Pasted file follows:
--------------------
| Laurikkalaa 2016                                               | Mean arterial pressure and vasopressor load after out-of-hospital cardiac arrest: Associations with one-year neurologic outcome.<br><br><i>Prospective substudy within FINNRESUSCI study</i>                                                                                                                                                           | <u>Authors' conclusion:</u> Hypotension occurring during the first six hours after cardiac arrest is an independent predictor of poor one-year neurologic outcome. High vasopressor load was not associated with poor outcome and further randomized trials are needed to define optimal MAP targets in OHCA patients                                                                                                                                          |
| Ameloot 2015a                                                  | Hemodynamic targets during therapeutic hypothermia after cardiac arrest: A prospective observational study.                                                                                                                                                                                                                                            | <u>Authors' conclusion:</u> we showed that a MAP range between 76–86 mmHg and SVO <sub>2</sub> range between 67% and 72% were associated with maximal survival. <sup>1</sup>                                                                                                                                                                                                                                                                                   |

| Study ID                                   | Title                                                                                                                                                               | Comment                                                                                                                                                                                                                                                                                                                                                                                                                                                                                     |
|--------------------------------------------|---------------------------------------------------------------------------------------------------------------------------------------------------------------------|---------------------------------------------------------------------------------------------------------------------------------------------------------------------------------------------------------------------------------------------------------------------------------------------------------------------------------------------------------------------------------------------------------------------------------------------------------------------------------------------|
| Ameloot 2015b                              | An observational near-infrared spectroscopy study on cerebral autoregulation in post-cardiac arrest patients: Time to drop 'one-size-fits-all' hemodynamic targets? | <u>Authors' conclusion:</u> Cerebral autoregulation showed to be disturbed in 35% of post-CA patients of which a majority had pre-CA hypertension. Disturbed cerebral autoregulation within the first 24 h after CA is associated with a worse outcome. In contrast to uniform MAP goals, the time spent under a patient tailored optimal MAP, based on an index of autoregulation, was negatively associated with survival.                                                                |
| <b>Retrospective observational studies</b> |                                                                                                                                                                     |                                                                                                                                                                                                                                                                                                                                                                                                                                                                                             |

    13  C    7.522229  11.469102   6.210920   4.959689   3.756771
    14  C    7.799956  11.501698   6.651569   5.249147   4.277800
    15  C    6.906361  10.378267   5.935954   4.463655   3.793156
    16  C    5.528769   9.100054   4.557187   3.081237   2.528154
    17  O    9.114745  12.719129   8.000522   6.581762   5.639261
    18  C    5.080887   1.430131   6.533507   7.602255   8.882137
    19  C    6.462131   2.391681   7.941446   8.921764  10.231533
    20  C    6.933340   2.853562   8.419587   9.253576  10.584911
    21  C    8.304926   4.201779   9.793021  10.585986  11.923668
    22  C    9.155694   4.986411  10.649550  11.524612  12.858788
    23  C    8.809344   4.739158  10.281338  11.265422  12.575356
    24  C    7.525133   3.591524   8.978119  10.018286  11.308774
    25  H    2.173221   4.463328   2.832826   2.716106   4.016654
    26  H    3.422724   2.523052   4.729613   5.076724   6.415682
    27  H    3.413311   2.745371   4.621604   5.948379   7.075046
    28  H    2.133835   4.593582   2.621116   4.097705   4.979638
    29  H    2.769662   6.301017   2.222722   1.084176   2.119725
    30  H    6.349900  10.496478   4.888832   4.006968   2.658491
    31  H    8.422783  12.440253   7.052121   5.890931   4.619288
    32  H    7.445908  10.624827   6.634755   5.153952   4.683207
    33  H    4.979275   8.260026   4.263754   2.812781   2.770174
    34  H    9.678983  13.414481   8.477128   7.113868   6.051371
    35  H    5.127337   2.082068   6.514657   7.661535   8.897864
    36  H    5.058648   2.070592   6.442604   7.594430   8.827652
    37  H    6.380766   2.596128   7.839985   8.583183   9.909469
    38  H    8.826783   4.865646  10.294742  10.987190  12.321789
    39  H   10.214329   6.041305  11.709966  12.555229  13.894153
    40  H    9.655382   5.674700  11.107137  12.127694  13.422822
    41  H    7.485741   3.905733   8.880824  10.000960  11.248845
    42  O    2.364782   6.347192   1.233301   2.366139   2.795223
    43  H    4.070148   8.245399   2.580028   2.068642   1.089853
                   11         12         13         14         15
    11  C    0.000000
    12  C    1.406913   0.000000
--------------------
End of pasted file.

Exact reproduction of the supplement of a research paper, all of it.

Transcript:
| Laurikkalaa 2016                                               | Mean arterial pressure and vasopressor load after out-of-hospital cardiac arrest: Associations with one-year neurologic outcome.<br><br><i>Prospective substudy within FINNRESUSCI study</i>                                                                                                                                                           | <u>Authors' conclusion:</u> Hypotension occurring during the first six hours after cardiac arrest is an independent predictor of poor one-year neurologic outcome. High vasopressor load was not associated with poor outcome and further randomized trials are needed to define optimal MAP targets in OHCA patients                                                                                                                                          |
| Ameloot 2015a                                                  | Hemodynamic targets during therapeutic hypothermia after cardiac arrest: A prospective observational study.                                                                                                                                                                                                                                            | <u>Authors' conclusion:</u> we showed that a MAP range between 76–86 mmHg and SVO <sub>2</sub> range between 67% and 72% were associated with maximal survival. <sup>1</sup>                                                                                                                                                                                                                                                                                   |

| Study ID                                   | Title                                                                                                                                                               | Comment                                                                                                                                                                                                                                                                                                                                                                                                                                                                                     |
|--------------------------------------------|---------------------------------------------------------------------------------------------------------------------------------------------------------------------|---------------------------------------------------------------------------------------------------------------------------------------------------------------------------------------------------------------------------------------------------------------------------------------------------------------------------------------------------------------------------------------------------------------------------------------------------------------------------------------------|
| Ameloot 2015b                              | An observational near-infrared spectroscopy study on cerebral autoregulation in post-cardiac arrest patients: Time to drop 'one-size-fits-all' hemodynamic targets? | <u>Authors' conclusion:</u> Cerebral autoregulation showed to be disturbed in 35% of post-CA patients of which a majority had pre-CA hypertension. Disturbed cerebral autoregulation within the first 24 h after CA is associated with a worse outcome. In contrast to uniform MAP goals, the time spent under a patient tailored optimal MAP, based on an index of autoregulation, was negatively associated with survival.                                                                |
| <b>Retrospective observational studies</b> |                                                                                                                                                                     |                                                                                                                                                                                                                                                                                                                                                                                                                                                                                             |

    13  C    7.522229  11.469102   6.210920   4.959689   3.756771
    14  C    7.799956  11.501698   6.651569   5.249147   4.277800
    15  C    6.906361  10.378267   5.935954   4.463655   3.793156
    16  C    5.528769   9.100054   4.557187   3.081237   2.528154
    17  O    9.114745  12.719129   8.000522   6.581762   5.639261
    18  C    5.080887   1.430131   6.533507   7.602255   8.882137
    19  C    6.462131   2.391681   7.941446   8.921764  10.231533
    20  C    6.933340   2.853562   8.419587   9.253576  10.584911
    21  C    8.304926   4.201779   9.793021  10.585986  11.923668
    22  C    9.155694   4.986411  10.649550  11.524612  12.858788
    23  C    8.809344   4.739158  10.281338  11.265422  12.575356
    24  C    7.525133   3.591524   8.978119  10.018286  11.308774
    25  H    2.173221   4.463328   2.832826   2.716106   4.016654
    26  H    3.422724   2.523052   4.729613   5.076724   6.415682
    27  H    3.413311   2.745371   4.621604   5.948379   7.075046
    28  H    2.133835   4.593582   2.621116   4.097705   4.979638
    29  H    2.769662   6.301017   2.222722   1.084176   2.119725
    30  H    6.349900  10.496478   4.888832   4.006968   2.658491
    31  H    8.422783  12.440253   7.052121   5.890931   4.619288
    32  H    7.445908  10.624827   6.634755   5.153952   4.683207
    33  H    4.979275   8.260026   4.263754   2.812781   2.770174
    34  H    9.678983  13.414481   8.477128   7.113868   6.051371
    35  H    5.127337   2.082068   6.514657   7.661535   8.897864
    36  H    5.058648   2.070592   6.442604   7.594430   8.827652
    37  H    6.380766   2.596128   7.839985   8.583183   9.909469
    38  H    8.826783   4.865646  10.294742  10.987190  12.321789
    39  H   10.214329   6.041305  11.709966  12.555229  13.894153
    40  H    9.655382   5.674700  11.107137  12.127694  13.422822
    41  H    7.485741   3.905733   8.880824  10.000960  11.248845
    42  O    2.364782   6.347192   1.233301   2.366139   2.795223
    43  H    4.070148   8.245399   2.580028   2.068642   1.089853
                   11         12         13         14         15
    11  C    0.000000
    12  C    1.406913   0.000000